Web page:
Overview

Digital Health Tools

As COVID-19 strained health systems around the world, many countries adopted and adapted digital health tools to detect and respond to the novel coronavirus.

While there are a wide range of use cases for digital tools in pandemic response, this work focuses on a subset of tools most commonly used by the health care system managers, providers, and clients in low- and lower-middle-income countries.

Digital technologies for COVID-19

Focus areas shown in blue

Contents

In 2020, Exemplars in Global Health launched a series of short- and long-term research projects to help us understand the impact of the COVID-19 pandemic in countries and communities around the world. One of these, a short-term research project in partnership with McKinsey & Company on digital tools for COVID-19 response, aims to explain the implementation factors that led to the scale-up of digital tools developed or adapted for use during the COVID-19 pandemic.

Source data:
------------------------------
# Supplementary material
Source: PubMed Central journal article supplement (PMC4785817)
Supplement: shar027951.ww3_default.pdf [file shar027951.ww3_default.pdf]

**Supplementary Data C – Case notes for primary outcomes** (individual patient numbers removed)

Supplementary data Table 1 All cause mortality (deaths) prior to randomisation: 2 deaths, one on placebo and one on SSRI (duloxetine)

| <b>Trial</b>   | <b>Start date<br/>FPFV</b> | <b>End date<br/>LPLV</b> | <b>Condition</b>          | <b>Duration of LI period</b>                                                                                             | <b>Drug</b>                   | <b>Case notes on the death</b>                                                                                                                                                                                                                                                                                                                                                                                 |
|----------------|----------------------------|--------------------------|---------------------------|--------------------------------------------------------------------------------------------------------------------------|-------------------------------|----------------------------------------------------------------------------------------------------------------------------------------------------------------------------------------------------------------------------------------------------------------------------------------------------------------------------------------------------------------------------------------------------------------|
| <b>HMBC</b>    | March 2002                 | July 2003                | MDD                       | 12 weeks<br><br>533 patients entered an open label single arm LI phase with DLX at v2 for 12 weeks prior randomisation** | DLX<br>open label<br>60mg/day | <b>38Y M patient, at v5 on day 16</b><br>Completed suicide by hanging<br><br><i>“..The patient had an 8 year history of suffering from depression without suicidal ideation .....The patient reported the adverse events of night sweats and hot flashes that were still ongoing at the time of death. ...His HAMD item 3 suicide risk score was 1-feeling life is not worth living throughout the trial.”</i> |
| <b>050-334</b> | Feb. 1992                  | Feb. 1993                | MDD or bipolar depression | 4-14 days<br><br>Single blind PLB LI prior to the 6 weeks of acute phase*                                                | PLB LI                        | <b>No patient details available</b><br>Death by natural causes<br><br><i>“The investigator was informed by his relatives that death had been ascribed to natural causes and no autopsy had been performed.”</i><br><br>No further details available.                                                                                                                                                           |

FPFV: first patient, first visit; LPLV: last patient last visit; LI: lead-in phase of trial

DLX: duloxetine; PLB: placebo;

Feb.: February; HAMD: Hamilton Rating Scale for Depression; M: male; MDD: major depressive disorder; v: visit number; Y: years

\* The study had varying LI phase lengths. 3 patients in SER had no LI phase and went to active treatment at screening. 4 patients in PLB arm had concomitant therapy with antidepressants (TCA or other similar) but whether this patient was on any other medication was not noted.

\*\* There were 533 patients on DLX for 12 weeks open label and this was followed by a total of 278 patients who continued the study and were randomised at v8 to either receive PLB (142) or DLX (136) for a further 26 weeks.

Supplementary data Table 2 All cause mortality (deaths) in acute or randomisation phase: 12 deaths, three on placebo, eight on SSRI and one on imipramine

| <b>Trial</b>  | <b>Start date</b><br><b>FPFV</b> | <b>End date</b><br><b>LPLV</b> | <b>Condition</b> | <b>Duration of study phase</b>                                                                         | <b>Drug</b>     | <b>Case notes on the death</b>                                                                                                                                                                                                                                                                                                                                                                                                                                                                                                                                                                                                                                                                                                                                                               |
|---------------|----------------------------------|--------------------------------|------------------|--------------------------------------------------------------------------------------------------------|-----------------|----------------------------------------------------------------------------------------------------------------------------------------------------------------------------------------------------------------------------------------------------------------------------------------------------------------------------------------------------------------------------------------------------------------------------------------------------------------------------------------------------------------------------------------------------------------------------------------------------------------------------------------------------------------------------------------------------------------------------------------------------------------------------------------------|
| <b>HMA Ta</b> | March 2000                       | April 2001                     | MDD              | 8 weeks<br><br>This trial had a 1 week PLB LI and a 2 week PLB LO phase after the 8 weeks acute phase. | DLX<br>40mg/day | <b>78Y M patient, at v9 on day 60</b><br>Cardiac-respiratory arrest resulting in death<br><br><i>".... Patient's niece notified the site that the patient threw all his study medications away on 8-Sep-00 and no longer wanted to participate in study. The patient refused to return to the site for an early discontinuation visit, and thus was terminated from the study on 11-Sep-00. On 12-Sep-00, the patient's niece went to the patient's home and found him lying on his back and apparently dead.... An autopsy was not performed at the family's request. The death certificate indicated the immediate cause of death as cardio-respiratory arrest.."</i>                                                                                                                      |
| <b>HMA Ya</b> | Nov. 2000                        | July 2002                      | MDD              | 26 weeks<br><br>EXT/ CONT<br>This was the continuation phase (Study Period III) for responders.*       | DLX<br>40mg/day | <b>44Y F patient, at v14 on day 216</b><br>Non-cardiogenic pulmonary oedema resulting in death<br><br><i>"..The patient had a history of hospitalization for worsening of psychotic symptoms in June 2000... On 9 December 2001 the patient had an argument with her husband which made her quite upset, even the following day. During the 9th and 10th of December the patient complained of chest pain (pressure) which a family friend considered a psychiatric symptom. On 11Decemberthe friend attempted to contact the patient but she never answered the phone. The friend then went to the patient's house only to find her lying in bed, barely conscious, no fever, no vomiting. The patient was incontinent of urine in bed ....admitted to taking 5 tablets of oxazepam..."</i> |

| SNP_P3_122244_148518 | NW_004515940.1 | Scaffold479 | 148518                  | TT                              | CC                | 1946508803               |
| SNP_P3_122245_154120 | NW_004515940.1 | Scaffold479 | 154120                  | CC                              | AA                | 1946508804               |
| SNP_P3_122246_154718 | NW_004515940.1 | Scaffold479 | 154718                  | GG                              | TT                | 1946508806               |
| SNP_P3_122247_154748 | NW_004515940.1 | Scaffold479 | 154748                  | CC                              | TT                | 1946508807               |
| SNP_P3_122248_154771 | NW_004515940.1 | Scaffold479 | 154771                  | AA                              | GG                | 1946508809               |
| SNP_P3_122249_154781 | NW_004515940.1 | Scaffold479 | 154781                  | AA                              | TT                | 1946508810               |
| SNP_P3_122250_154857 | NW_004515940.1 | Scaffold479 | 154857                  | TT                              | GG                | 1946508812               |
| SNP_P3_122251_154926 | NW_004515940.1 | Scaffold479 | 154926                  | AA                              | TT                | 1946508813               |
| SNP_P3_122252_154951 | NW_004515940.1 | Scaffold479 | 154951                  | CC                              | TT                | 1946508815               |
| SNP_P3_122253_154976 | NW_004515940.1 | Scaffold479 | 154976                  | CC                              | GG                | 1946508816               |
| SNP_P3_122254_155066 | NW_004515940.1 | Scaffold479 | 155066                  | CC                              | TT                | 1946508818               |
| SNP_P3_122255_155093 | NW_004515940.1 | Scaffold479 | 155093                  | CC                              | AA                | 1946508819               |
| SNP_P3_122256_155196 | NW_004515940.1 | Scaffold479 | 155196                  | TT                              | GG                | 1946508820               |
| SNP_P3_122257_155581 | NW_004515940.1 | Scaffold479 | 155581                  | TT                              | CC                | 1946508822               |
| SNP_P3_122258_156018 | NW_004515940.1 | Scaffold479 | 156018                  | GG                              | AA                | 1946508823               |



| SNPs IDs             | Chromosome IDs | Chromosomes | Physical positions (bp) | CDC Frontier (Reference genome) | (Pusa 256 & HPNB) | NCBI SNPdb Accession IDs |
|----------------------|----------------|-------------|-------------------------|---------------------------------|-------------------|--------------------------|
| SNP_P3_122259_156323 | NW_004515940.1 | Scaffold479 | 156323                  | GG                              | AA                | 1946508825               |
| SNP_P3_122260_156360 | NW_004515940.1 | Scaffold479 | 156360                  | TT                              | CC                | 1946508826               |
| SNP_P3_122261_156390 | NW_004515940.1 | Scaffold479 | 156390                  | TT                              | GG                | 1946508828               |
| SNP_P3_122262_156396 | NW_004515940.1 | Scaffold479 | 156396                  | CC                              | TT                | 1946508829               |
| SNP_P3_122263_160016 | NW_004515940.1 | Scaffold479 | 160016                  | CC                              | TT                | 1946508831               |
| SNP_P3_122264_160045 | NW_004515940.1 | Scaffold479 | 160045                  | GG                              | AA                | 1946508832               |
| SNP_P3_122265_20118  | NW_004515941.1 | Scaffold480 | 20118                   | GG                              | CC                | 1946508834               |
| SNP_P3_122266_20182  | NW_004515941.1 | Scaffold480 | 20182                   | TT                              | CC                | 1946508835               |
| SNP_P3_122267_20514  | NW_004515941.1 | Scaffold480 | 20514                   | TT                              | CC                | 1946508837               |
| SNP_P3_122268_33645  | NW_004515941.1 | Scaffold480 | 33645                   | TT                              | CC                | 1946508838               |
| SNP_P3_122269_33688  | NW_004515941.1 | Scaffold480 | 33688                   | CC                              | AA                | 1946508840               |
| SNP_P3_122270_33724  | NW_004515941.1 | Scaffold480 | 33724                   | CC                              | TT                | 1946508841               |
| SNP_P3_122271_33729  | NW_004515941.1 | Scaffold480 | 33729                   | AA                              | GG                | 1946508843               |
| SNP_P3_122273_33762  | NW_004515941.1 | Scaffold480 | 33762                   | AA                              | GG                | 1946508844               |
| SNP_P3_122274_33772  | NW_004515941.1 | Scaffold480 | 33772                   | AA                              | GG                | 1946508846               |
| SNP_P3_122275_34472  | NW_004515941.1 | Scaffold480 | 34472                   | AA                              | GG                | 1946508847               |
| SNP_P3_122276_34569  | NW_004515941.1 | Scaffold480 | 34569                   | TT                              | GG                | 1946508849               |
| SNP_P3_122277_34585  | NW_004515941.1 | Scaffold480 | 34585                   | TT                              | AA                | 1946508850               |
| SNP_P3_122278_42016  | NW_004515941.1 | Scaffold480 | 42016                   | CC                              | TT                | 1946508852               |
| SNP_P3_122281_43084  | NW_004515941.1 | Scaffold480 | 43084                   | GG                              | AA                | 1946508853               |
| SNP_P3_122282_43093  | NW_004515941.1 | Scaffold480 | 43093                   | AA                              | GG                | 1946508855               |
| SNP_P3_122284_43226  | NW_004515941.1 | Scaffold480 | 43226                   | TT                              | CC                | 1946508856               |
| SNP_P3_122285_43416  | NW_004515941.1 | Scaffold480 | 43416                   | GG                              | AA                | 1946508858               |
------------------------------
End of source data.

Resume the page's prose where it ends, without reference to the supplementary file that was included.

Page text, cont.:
Table: Implementation stories profiled

Abbreviation: SORMAS, Surveillance Outbreak Response Management and Analysis System
Implementation story Country Digital tool User group Use case 

Adapting a fully integrated surveillance system to track COVID-19 

Nigeria SORMAS Health system managers

Routine surveillance 

Early action to track and prevent COVID-19 

Sri Lanka DHIS2  Health system managers

Data assets (Health management information system) 
A decade of scaling digital health tool enabled rapid deployment across country  Burkina Faso  CommCare  Health care providers  Case management 
Community health workers in Uganda provide critical health services during COVID-19 pandemic  Uganda  Smart Health (Medic)  Health care providers  Case management 
A chatbot tool for pandemic response  South Africa  HealthConnect  Clients  Risk communication & community engagement 
Government launches digital health apps to contain COVID-19  Vietnam  NCOVI, Bluezone, others  Clients  Contact tracing, risk communication & community engagement